Offshore trusts and 10 year charge IHT reporting requirement when UK assets less than 80% of NRB


#1

I have a bit of conflicting information on this so want to clarify with members of this forum.

This is with regards to 10 year anniversary charge for a foreign trust whose trustees are non-resident and the settlor is/was not domiciled in the UK. i.e. it is an excluded property trust.

The assets are owned directly by the trustees (rather than by an underlying non-resident company). These are non-residential property assets.

What is HMRC practice on filling of the IHT100 if the UK assets value is less than 80% of nil rate band? Is the account required?

I understand that where the trust falls under excepted settlements than 10-year IHT account is not required if the chargeable event does not exceed 80% of the IHT nil rate band.

Thank you
Sameera Nathoo


(duncan.mcgowan) #2

In order to qualify under the excepted settlements legislation, one of the criteria is the trustees of the settlement have to have been resident in the UK throughout its existence. Therefore, in your scenario they do not apply, and the 80% test is not relevant.

Duncan McGowan
Rawlinson & Hunter


#3

Thank you Duncan, I agree and understand the criteria for excepted settlements.

I was wondering if HMRC IHT had a special informal compliance burden relief if it was a foreign trust. I saw a mention of ‘not required to file if UK trust assets less than 80% of the Nil Rate Band’ in an older advice (dated 2012) given to the trustees by another tax adviser who is not involved with the trust anymore.

Sameera Nathoo


(Paul Davidoff) #4

I had a similar scenario. My conclusion was that there was a requirement to report, but I wrote to HMRC informally, rather than prepare a formal IHT100.
It was in connection with an offshore trust which comprised two separate settlements for IHT (because there were two settlors), each of which comprised partly excluded property and partly relevant property. In the circumstances, the value of relevant property in each IHT settlement was well below the available nil-rate band, so there would have been no IHT to pay. I explained the situation to HMRC and they accepted that and did not require the IHT100s. Indeed, the purpose of the IHT100 is to obtain the relevant information, which I had given them in my letter anyway.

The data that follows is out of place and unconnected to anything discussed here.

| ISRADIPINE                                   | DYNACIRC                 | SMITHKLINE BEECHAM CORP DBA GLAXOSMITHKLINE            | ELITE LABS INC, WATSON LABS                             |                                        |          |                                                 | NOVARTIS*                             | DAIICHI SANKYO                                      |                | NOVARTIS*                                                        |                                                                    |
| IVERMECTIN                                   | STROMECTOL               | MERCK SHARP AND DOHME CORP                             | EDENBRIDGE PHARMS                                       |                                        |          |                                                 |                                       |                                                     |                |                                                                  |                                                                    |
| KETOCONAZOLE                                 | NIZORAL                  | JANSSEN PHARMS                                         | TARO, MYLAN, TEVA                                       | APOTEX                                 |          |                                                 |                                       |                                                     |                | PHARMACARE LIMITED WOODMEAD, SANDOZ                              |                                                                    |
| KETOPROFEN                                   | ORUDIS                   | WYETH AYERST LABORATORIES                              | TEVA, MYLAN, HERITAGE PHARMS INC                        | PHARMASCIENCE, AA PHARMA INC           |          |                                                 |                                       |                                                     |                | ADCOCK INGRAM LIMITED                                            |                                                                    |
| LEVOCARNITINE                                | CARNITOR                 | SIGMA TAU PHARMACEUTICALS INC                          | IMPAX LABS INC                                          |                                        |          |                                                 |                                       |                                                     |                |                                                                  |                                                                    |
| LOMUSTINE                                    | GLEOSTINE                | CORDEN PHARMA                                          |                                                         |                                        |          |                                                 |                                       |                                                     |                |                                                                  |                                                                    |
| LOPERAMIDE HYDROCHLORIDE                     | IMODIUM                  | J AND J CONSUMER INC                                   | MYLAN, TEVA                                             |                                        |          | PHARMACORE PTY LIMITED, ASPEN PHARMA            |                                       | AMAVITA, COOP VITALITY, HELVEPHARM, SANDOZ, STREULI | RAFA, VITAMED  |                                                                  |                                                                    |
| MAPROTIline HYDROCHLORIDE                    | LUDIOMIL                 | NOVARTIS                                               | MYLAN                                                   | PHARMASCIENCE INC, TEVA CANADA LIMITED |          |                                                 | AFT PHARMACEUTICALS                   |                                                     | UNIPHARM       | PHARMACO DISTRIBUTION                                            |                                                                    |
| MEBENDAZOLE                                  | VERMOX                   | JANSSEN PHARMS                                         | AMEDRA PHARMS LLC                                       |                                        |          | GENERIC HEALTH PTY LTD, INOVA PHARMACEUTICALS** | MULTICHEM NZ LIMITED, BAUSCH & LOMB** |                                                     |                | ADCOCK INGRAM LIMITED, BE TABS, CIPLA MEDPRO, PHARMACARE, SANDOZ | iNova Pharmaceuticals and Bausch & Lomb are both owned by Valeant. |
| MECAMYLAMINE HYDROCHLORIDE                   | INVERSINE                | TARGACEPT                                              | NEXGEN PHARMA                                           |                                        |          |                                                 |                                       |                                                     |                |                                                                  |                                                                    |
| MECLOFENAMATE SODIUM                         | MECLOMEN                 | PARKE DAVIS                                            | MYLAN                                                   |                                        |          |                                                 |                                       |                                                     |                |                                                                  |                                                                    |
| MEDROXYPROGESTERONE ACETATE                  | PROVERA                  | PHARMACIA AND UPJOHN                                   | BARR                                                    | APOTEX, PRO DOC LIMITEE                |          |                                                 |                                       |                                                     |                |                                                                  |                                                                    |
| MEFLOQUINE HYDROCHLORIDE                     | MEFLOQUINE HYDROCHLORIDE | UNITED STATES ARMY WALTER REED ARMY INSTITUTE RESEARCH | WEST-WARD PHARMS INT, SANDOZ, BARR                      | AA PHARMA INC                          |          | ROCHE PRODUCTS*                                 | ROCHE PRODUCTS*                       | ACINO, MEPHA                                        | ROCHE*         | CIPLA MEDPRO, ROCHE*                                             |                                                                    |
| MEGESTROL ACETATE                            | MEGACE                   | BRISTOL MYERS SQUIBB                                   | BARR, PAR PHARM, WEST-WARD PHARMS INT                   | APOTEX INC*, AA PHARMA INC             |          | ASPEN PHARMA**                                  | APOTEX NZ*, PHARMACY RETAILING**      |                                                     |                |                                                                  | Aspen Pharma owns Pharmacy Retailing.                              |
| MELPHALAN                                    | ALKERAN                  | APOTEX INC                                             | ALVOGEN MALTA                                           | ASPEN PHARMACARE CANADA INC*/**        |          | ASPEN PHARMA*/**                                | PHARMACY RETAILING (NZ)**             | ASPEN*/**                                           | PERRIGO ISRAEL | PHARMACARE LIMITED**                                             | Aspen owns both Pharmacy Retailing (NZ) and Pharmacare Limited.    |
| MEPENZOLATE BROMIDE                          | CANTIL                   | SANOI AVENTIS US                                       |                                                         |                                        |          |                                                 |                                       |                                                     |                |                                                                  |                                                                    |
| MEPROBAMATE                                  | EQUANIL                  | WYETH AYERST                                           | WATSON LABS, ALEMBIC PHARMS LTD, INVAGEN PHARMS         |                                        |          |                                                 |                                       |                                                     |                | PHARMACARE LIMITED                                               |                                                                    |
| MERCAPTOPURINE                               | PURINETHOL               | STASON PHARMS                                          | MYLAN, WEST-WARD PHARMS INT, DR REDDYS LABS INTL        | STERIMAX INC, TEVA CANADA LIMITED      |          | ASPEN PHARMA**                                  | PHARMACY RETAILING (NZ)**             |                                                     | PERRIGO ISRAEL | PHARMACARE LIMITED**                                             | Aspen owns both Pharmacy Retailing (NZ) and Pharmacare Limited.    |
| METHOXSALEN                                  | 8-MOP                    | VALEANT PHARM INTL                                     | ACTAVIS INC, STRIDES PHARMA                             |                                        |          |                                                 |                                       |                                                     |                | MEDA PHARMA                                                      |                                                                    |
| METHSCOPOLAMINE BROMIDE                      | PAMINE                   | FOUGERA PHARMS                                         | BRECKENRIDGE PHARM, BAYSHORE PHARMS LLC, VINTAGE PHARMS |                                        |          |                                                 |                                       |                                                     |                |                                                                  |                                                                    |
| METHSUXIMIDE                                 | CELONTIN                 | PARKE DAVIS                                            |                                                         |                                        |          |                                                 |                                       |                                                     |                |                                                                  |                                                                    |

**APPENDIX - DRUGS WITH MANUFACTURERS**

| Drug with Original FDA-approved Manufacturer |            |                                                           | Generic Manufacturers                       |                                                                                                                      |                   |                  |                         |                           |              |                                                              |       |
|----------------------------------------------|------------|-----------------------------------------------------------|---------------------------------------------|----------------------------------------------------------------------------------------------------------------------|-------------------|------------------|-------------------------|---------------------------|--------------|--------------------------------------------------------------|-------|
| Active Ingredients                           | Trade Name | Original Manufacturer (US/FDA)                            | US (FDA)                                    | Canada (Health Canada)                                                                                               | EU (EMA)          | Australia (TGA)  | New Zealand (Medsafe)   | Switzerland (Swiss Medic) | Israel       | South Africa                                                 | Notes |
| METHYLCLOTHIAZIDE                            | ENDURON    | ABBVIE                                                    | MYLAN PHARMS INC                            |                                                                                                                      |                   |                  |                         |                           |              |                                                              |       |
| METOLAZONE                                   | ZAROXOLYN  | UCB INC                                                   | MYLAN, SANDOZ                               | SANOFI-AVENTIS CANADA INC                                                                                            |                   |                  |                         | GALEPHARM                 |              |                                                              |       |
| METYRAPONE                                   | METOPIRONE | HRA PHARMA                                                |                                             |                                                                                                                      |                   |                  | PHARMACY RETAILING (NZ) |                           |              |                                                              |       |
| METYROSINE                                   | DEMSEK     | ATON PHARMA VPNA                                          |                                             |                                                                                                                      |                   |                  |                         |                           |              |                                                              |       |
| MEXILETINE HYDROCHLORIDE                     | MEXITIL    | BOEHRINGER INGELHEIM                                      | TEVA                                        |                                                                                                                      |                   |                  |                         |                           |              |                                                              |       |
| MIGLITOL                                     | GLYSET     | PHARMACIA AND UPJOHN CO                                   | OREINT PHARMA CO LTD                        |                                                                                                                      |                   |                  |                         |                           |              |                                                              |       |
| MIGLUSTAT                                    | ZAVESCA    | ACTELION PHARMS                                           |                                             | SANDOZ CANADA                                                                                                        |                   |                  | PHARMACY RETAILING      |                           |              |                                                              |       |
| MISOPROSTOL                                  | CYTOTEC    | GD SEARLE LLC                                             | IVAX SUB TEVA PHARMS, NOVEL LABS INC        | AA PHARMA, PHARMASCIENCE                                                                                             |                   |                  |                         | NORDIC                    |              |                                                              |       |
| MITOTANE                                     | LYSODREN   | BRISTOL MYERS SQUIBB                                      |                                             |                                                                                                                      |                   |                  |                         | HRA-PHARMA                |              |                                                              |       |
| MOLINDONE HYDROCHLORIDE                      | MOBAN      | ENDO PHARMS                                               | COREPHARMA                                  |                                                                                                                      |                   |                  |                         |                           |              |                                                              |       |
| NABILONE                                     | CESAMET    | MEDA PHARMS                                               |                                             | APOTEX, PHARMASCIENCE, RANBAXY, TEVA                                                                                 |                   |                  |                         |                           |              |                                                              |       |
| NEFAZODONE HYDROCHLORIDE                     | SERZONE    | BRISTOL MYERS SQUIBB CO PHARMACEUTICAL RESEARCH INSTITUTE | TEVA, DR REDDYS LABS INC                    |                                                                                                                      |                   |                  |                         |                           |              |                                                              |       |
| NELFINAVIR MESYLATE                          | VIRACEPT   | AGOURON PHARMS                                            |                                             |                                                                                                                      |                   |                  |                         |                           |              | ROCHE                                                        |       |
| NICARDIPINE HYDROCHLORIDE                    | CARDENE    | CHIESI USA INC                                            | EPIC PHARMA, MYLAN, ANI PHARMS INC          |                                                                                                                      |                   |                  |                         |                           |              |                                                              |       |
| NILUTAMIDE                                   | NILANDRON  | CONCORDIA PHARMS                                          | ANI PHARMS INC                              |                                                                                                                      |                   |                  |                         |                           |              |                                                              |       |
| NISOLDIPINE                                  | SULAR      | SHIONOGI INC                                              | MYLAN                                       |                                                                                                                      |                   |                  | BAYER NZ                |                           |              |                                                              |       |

Paul Davidoff
Moon Beever


#5

I spoke to HMRC IHT technical guy this morning. I have a matter where an offshore trust has £300 worth of relevant UK assets. The overall value of the trust is less than £350k.

The guy told me that it’s up to the trustees to file IHT100 or not. If they think its a low-risk trust and if in future if there were to be an HMRC compliance check/investigation and it was found that IHT was actually due then there would be penalties but if the trustees are SURE that there is no IHT at risk, then it’s up to them to file or not.

He suggested that its better to deliver an account rather than choose not to- even if the trustees are 100% certain no IHT is due. It covers the trustees from any future issues.

He did say that there may have been arrangements in the past to accept simple letters etc but he can’t suggest that is the correct procedure. He is not at liberty to suggest any simpler form of compliance.

Sameera Nathoo
besttax.co.uk